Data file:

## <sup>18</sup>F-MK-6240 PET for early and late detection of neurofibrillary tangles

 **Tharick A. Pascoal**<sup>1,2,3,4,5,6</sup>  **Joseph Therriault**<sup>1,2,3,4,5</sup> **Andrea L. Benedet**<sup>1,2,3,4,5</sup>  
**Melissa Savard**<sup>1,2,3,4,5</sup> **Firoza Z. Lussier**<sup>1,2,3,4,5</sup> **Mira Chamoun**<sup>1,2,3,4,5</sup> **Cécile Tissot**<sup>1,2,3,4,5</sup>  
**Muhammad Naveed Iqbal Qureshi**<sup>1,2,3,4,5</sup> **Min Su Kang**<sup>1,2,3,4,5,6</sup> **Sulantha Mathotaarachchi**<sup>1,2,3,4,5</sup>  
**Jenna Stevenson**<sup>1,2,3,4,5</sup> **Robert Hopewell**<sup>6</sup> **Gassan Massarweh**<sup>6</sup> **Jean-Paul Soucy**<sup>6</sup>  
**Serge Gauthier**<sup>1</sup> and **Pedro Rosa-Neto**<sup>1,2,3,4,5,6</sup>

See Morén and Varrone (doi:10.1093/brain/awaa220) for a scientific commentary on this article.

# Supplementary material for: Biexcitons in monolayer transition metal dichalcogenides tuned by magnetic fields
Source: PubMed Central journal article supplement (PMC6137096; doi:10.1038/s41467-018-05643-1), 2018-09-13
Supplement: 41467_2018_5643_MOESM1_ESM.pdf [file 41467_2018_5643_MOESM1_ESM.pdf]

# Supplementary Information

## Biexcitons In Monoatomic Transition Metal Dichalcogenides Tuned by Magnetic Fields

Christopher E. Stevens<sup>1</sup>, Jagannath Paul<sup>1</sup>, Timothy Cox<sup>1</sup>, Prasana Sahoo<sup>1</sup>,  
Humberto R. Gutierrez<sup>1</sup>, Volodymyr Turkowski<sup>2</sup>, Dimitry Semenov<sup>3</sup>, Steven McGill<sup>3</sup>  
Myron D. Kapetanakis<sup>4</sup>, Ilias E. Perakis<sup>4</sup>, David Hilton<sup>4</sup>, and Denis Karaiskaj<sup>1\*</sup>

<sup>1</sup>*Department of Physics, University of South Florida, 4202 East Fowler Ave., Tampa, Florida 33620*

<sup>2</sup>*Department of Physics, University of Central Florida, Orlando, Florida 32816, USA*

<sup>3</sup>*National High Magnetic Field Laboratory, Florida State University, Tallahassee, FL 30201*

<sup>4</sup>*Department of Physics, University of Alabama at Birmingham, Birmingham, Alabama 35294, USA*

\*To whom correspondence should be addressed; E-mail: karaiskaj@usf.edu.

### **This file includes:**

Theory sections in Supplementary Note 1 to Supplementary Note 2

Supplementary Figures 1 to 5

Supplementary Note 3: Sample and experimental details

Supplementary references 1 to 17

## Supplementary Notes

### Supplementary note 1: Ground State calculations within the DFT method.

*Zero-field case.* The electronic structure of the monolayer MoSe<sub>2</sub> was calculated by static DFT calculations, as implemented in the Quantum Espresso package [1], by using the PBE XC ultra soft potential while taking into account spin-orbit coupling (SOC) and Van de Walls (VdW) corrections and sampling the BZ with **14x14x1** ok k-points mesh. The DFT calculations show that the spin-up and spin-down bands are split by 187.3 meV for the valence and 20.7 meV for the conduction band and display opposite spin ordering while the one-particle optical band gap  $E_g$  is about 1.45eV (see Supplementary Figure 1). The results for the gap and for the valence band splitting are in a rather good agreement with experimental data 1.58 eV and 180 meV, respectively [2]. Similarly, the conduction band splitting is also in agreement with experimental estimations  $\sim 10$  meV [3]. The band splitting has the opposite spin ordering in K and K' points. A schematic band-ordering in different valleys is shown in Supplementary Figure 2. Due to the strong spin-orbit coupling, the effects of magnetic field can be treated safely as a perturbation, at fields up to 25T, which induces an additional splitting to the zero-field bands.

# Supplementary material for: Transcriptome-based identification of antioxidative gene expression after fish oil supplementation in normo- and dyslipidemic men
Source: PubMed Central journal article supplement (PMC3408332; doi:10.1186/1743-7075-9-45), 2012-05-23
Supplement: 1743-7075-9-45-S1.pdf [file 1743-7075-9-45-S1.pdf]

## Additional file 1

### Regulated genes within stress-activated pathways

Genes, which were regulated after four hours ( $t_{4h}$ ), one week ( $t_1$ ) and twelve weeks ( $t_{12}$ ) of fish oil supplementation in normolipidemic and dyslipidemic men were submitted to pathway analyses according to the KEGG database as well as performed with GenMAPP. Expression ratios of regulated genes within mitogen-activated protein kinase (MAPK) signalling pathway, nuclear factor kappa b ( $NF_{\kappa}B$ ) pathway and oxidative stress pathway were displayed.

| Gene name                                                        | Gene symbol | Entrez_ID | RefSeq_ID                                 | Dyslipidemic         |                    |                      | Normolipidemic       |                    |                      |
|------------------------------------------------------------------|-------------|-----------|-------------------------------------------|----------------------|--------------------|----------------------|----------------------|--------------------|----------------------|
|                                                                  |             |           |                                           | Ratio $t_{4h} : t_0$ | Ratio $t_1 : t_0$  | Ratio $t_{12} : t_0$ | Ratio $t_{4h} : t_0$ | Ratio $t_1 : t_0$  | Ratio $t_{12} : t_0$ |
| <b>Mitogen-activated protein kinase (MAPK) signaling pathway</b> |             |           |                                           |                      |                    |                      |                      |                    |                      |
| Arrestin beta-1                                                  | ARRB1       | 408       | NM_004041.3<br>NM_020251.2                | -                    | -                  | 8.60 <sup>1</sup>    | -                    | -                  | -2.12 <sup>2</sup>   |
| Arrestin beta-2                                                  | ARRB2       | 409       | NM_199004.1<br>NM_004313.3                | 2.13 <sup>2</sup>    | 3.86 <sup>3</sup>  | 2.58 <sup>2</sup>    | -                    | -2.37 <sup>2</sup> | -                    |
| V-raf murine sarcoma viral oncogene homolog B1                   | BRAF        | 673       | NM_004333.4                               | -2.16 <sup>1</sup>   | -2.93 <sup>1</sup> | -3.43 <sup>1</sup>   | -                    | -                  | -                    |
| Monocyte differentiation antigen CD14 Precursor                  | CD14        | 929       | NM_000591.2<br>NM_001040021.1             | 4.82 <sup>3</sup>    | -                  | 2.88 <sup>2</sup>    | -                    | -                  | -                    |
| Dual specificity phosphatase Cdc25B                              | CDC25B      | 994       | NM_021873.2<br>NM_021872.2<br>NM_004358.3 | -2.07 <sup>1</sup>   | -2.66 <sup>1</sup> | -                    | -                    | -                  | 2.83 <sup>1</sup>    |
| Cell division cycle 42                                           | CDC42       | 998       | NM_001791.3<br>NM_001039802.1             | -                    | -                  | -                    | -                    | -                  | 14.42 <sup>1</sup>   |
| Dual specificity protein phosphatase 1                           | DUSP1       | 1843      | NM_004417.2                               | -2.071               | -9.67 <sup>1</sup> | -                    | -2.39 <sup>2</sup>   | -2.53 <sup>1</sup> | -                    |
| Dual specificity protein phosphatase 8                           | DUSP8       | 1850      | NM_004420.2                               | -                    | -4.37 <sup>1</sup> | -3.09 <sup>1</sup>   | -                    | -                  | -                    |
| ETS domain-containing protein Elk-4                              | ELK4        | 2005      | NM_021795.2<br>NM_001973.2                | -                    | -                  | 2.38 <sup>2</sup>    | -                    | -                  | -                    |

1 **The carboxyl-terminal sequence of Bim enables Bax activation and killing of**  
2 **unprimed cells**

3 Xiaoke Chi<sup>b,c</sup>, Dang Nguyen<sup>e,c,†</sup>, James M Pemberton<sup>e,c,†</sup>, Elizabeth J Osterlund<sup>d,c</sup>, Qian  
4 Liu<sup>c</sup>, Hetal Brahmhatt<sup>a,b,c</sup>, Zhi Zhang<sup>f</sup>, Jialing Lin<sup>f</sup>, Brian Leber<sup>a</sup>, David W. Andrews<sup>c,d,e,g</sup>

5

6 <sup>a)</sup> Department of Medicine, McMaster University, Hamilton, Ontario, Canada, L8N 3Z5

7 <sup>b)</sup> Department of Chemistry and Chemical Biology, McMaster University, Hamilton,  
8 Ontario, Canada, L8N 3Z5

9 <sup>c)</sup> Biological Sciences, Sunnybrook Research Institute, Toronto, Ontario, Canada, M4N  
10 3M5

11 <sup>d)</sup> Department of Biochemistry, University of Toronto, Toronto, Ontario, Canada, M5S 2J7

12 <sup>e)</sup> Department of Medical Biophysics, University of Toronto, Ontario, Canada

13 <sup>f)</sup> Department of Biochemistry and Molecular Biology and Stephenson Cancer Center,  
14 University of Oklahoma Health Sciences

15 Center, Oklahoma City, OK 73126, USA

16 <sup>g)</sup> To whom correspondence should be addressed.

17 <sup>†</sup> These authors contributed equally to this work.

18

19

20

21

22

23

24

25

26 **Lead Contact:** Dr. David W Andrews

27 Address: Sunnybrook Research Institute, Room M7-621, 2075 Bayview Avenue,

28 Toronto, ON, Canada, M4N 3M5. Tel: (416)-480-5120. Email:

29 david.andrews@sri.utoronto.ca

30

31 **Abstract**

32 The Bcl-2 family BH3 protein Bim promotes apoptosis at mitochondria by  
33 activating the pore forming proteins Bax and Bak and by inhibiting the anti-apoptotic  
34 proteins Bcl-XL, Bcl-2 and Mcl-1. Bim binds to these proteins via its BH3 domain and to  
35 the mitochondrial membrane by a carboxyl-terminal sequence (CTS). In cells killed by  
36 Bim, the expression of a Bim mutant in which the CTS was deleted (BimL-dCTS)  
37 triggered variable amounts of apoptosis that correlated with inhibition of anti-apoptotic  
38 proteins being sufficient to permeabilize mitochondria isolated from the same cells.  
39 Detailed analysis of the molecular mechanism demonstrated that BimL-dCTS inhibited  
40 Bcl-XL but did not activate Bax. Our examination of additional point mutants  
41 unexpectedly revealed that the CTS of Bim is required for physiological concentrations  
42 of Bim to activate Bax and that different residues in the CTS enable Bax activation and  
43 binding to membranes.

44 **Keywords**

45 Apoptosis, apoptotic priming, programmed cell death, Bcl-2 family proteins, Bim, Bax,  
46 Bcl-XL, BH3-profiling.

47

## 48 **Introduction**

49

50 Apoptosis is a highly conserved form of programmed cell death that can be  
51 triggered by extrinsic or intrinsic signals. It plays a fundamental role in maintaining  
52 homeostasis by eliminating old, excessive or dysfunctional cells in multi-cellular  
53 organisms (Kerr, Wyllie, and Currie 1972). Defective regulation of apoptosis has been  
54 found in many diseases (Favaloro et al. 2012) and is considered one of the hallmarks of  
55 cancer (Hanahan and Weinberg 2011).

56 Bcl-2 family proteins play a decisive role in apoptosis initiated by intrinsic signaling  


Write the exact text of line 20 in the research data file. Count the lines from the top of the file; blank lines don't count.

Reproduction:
\*To whom correspondence should be addressed; E-mail: karaiskaj@usf.edu.